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There are those who like Winston Peters and those who don't. There are those who believe New Zealand First's contribution to New Zealand politics to be largely unhelpful - especially as it relates to race and immigration. There are others who believe the party's policy platform is worthy and essential.
What no-one can deny is that Mr Peters and his party have been successful. New Zealand politics has long been essentially a two-party system and in many ways remains so. New Zealand First's survival suggests considerable support for the party and its leader.
Aside from what appeared to be a less-than-stellar performance in Turkey a few weeks ago, most would accept Mr Peters has done a good job so far as a prime partner in this coalition Government. He has provided moderation, maturity and stability, while still maintaining his much-loved ability to insult and amuse in the same breath.
But his party, despite securing a $3billion fund to lavish on the regions, is struggling in the polls. In fact, New Zealand First is now well below the 5% threshold and has been for each of the last three major polls.
There is precedent, certainly, that junior coalition parties struggle to maintain their polling numbers while in government. But there is also an argument to be made that Mr Peters' colleagues are doing his party no favours as they dance perilously close to abuse of power allegations.
Defence Minister Ron Mark has been accused of treating the Air Force as a taxi service, and of using his Cabinet minister position to get party votes. New Zealand First MP Jenny Marcroft was accused of threatening to scupper Provincial Growth Fund allocations if National Party MPs didn't follow her orders. Accusations are not facts and neither MP has been sacked. But both have apologised.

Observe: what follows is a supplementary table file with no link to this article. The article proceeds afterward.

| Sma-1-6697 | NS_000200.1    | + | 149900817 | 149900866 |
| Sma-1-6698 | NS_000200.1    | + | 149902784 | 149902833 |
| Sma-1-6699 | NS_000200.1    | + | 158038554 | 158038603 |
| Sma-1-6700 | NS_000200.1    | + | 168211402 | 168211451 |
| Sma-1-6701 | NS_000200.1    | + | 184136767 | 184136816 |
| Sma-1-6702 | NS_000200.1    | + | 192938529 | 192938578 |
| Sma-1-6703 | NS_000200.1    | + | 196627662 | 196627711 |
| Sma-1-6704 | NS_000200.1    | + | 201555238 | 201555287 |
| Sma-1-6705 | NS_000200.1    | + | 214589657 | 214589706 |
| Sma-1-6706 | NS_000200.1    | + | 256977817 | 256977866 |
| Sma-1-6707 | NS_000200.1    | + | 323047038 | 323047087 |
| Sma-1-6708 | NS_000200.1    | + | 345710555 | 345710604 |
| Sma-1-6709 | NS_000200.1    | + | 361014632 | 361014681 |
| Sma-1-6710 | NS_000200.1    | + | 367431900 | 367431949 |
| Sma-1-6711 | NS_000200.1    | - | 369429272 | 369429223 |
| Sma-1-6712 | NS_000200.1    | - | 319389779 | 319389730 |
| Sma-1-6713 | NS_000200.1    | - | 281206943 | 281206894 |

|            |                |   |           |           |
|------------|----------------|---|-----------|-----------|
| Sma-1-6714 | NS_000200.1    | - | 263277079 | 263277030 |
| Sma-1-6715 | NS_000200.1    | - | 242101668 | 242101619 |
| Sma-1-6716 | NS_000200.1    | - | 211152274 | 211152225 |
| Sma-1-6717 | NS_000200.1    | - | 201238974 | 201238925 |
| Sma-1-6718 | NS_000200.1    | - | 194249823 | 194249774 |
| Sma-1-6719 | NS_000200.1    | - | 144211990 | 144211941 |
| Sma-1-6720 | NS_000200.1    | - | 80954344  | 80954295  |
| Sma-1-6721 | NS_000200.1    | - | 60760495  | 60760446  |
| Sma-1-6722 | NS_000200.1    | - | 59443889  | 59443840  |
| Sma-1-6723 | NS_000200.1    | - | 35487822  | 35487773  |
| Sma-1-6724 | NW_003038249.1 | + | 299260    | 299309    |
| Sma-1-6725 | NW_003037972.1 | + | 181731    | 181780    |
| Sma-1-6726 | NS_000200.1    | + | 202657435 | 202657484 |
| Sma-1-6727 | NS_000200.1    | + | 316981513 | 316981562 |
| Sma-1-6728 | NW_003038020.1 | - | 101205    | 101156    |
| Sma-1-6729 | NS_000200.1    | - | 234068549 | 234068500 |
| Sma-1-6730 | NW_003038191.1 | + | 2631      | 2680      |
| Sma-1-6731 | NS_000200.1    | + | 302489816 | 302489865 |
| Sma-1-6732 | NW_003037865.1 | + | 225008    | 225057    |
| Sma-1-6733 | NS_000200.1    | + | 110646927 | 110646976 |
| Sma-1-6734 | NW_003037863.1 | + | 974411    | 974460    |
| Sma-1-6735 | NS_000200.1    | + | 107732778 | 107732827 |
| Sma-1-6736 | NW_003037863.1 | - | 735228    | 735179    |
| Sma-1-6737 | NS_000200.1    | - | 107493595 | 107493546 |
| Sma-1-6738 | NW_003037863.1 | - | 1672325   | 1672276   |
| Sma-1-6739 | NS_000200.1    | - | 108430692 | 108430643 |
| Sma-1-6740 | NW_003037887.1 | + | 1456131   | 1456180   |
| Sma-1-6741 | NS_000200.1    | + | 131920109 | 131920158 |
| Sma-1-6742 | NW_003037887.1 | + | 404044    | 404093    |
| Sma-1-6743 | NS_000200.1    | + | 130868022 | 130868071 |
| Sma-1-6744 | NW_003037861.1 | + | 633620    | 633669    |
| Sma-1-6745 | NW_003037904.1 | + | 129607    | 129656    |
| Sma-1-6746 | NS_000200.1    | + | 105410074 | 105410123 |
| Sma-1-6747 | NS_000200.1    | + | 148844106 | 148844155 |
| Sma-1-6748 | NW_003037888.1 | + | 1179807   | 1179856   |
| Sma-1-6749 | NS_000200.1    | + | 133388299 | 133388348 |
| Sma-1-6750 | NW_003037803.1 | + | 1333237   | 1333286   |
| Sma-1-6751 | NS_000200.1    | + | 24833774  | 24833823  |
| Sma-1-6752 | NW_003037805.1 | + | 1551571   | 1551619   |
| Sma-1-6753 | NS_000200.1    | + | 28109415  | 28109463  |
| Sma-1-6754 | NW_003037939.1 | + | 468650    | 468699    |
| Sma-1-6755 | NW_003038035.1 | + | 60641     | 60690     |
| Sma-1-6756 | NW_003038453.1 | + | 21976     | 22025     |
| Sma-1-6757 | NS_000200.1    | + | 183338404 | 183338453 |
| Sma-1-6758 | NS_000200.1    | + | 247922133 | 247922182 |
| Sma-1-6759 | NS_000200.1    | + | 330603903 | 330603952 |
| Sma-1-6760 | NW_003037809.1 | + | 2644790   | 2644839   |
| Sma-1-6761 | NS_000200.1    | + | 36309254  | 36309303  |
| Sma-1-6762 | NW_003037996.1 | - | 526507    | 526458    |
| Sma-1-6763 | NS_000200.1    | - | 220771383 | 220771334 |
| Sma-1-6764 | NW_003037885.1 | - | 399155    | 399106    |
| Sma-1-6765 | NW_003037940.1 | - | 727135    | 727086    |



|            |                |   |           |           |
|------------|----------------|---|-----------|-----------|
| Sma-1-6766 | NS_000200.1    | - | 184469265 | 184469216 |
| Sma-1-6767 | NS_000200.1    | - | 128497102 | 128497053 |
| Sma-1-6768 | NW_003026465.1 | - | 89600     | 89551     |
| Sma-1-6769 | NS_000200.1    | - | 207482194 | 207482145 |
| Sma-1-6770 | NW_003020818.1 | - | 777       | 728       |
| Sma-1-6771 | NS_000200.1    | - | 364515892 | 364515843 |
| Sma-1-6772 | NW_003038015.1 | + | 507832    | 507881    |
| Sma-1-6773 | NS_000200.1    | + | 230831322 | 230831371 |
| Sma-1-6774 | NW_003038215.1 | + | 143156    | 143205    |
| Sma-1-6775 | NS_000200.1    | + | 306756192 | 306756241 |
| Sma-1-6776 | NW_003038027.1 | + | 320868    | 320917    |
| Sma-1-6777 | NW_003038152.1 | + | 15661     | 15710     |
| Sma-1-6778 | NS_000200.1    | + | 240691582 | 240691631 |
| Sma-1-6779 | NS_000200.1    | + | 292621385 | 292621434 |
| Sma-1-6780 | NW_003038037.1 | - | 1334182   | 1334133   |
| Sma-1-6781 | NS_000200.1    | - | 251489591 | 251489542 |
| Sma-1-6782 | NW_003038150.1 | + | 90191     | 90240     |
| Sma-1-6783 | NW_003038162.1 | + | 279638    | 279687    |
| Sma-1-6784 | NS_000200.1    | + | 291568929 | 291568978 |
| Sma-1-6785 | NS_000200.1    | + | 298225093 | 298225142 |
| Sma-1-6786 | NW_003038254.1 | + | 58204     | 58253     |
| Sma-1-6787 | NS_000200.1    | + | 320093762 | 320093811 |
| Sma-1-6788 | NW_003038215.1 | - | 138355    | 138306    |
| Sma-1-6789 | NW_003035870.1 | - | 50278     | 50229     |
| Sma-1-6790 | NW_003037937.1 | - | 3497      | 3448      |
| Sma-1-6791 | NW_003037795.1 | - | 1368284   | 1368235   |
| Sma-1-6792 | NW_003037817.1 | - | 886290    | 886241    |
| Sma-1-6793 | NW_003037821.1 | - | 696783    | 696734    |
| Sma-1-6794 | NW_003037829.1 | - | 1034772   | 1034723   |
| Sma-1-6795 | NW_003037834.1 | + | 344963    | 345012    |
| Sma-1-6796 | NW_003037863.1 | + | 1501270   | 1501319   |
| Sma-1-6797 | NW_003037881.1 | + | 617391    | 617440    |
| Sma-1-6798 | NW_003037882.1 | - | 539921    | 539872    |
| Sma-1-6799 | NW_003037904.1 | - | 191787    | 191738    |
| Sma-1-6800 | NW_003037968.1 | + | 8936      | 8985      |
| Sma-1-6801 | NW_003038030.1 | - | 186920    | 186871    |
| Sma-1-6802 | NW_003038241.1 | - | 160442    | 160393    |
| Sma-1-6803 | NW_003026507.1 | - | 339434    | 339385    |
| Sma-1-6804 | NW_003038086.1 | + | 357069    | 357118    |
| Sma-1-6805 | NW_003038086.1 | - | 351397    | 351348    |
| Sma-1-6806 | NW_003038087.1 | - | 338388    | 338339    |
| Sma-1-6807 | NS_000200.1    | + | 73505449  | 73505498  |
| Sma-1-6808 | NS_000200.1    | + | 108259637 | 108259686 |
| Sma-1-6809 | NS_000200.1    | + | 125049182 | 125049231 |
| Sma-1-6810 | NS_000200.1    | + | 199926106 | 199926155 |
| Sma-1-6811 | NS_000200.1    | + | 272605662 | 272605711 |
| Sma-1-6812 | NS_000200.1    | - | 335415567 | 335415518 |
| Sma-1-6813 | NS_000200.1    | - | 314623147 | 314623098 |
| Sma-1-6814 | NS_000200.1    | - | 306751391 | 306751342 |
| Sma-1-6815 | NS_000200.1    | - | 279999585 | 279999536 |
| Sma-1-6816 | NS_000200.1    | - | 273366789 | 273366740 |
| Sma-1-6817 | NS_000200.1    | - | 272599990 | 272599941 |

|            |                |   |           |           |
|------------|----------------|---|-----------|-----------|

Then there is Shane Jones, the former Labour Party leadership candidate who now appears to be positioning himself as Mr Peters' successor.
Mr Jones seems to have taken on board the adage that any publicity is good publicity. Indeed, of the country's 120 MPs, there are few who would have the name recognition and public profile of Mr Jones. He is clever and articulate with notable experience both inside and outside Parliament. He was a popular Labour MP and was respected by the then-National government. He seems custom-made for New Zealand First.
But none of that makes him immune to abusing his ministerial power - something his political opponents have repeatedly accused him of this term. For some MPs, the accusations themselves could have been career-ending. But not so for Mr Jones. He has simply brushed the accusations off.
And fair enough, as he seems immune from any serious criticism coming his way from the Prime Minister. That's not to say she approves of his antics - she likely does not. But it appears Jacinda Ardern's conviction is that the coalition needs unity more than it needs discipline.
It could appear Mr Jones is getting away with questionable behaviour. It could appear he is invincible to repercussions. But as much as politics is about appearances, in the end it is numbers which matter the most. And the polling numbers suggest Mr Jones' party is in trouble.
Perhaps the whiff of abuse of power currently wafting around New Zealand First's MPs is having repercussions after all.
By the time the next election rolls around New Zealand First will be 27 years old. That's old enough to show a decent level of respect and maturity. Mr Jones may need to show more of the same if the party is to convince voters it still exists to put New Zealand first.